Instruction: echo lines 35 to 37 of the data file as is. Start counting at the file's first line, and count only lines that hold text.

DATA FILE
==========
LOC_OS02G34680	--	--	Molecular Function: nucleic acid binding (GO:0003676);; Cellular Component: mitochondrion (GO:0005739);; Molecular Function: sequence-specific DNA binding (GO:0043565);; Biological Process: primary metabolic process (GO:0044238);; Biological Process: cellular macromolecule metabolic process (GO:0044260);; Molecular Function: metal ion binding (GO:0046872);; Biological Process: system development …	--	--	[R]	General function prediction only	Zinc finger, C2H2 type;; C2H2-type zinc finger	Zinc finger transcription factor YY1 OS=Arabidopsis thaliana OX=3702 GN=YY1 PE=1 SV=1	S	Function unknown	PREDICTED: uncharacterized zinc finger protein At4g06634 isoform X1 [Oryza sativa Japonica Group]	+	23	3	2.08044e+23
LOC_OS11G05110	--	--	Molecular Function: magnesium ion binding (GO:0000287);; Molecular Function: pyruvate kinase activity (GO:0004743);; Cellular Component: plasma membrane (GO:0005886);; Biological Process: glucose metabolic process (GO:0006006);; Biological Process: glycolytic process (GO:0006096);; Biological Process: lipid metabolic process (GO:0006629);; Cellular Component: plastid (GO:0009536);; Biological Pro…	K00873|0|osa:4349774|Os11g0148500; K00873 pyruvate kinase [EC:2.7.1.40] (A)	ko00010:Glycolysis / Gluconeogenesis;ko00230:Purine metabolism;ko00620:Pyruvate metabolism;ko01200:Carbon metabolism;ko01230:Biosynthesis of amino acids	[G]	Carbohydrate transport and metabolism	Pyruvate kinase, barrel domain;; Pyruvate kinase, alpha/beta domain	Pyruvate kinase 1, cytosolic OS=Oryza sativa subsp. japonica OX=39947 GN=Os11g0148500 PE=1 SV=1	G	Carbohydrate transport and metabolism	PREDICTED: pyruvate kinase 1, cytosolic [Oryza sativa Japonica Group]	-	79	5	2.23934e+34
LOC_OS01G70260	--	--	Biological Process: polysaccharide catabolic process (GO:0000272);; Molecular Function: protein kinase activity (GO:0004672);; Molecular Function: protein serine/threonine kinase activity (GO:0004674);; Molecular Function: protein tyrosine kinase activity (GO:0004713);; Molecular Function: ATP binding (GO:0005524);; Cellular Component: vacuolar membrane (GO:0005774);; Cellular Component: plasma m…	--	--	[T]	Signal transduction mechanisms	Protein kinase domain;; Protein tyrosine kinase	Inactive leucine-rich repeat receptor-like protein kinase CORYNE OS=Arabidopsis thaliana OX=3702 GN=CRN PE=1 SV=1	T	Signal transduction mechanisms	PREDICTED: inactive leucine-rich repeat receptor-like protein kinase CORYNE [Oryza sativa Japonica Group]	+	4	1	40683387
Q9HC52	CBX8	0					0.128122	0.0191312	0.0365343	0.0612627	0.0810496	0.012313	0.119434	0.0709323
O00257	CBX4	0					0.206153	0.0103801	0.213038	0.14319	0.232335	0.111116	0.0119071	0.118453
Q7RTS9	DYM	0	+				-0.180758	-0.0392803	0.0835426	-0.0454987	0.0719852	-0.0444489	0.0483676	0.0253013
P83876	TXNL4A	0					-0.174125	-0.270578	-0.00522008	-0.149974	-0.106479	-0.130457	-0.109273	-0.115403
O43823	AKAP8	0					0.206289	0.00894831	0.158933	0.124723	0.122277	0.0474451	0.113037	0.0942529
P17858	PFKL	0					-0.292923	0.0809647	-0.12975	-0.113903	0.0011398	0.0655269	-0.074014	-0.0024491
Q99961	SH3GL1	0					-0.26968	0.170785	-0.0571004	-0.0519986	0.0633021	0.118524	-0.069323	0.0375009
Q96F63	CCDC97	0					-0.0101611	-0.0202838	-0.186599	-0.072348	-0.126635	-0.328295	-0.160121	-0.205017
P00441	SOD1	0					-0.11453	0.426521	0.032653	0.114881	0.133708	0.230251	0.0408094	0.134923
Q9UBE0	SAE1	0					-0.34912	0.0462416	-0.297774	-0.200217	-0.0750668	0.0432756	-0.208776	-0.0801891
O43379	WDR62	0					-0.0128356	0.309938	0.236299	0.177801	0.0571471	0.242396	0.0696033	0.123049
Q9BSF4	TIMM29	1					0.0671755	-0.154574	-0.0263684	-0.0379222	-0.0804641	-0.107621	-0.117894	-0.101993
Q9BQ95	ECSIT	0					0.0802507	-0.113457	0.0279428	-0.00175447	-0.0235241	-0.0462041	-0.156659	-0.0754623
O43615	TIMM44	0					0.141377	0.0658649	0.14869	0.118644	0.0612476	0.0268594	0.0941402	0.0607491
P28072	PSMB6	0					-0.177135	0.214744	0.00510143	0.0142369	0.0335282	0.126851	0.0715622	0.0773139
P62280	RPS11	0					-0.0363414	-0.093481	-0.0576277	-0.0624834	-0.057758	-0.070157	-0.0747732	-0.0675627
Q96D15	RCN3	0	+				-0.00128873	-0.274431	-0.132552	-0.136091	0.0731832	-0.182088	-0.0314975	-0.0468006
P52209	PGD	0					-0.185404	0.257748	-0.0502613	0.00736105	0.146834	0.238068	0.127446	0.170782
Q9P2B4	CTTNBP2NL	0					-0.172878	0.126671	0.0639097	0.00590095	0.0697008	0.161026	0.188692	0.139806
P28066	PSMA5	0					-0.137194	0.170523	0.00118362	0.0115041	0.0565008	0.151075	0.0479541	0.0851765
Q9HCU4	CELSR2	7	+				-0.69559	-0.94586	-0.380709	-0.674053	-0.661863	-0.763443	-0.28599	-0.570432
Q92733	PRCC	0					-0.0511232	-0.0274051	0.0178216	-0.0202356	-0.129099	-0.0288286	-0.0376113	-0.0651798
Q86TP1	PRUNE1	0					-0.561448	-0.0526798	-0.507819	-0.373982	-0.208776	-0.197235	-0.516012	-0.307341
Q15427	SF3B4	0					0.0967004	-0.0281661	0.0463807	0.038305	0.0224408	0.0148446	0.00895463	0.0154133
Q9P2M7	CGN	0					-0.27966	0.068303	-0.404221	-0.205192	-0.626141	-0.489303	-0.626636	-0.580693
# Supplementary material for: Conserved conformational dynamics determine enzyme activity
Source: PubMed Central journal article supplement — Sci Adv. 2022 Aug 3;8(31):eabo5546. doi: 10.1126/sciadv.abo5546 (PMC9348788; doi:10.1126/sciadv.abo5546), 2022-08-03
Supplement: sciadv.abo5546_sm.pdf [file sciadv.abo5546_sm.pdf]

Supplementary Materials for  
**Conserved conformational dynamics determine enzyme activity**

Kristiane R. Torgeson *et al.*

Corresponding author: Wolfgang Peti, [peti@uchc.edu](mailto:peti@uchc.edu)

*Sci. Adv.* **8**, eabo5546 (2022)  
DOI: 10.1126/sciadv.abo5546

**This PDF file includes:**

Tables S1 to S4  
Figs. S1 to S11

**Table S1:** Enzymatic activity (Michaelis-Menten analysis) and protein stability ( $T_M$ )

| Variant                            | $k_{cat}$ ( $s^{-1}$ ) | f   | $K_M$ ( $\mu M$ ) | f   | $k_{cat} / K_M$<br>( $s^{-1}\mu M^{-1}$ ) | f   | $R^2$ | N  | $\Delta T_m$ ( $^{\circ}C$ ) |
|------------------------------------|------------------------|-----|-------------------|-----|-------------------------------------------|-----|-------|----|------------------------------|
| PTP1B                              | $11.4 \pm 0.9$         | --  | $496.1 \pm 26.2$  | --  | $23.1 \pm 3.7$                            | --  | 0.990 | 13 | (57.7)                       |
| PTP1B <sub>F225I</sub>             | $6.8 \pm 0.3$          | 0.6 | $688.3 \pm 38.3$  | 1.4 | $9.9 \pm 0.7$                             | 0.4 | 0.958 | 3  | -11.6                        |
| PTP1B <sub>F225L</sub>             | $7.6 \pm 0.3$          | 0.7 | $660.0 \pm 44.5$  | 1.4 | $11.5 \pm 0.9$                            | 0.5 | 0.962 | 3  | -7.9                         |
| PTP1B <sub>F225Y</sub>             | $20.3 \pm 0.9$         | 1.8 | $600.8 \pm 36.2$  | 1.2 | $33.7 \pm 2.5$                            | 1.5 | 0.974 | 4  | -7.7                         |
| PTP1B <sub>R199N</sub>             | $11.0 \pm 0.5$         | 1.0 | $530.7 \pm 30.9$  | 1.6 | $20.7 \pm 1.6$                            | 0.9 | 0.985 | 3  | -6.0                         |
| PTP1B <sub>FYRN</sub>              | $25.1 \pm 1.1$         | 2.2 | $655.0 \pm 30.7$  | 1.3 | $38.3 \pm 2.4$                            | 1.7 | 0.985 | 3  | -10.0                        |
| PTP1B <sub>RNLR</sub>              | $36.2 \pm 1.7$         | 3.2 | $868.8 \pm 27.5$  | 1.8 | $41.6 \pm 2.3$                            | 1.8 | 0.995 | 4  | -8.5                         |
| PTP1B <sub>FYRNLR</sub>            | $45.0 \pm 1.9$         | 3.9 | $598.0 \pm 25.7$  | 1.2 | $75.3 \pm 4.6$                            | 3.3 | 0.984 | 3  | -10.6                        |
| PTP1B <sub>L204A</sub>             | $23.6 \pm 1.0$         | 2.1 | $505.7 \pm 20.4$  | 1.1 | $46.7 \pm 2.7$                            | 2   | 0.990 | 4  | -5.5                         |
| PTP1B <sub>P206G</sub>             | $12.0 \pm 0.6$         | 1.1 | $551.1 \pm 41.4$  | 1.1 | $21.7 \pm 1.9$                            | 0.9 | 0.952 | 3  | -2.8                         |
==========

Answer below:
Corresponding author: Wolfgang Peti, [peti@uchc.edu](mailto:peti@uchc.edu)

*Sci. Adv.* **8**, eabo5546 (2022)  
DOI: 10.1126/sciadv.abo5546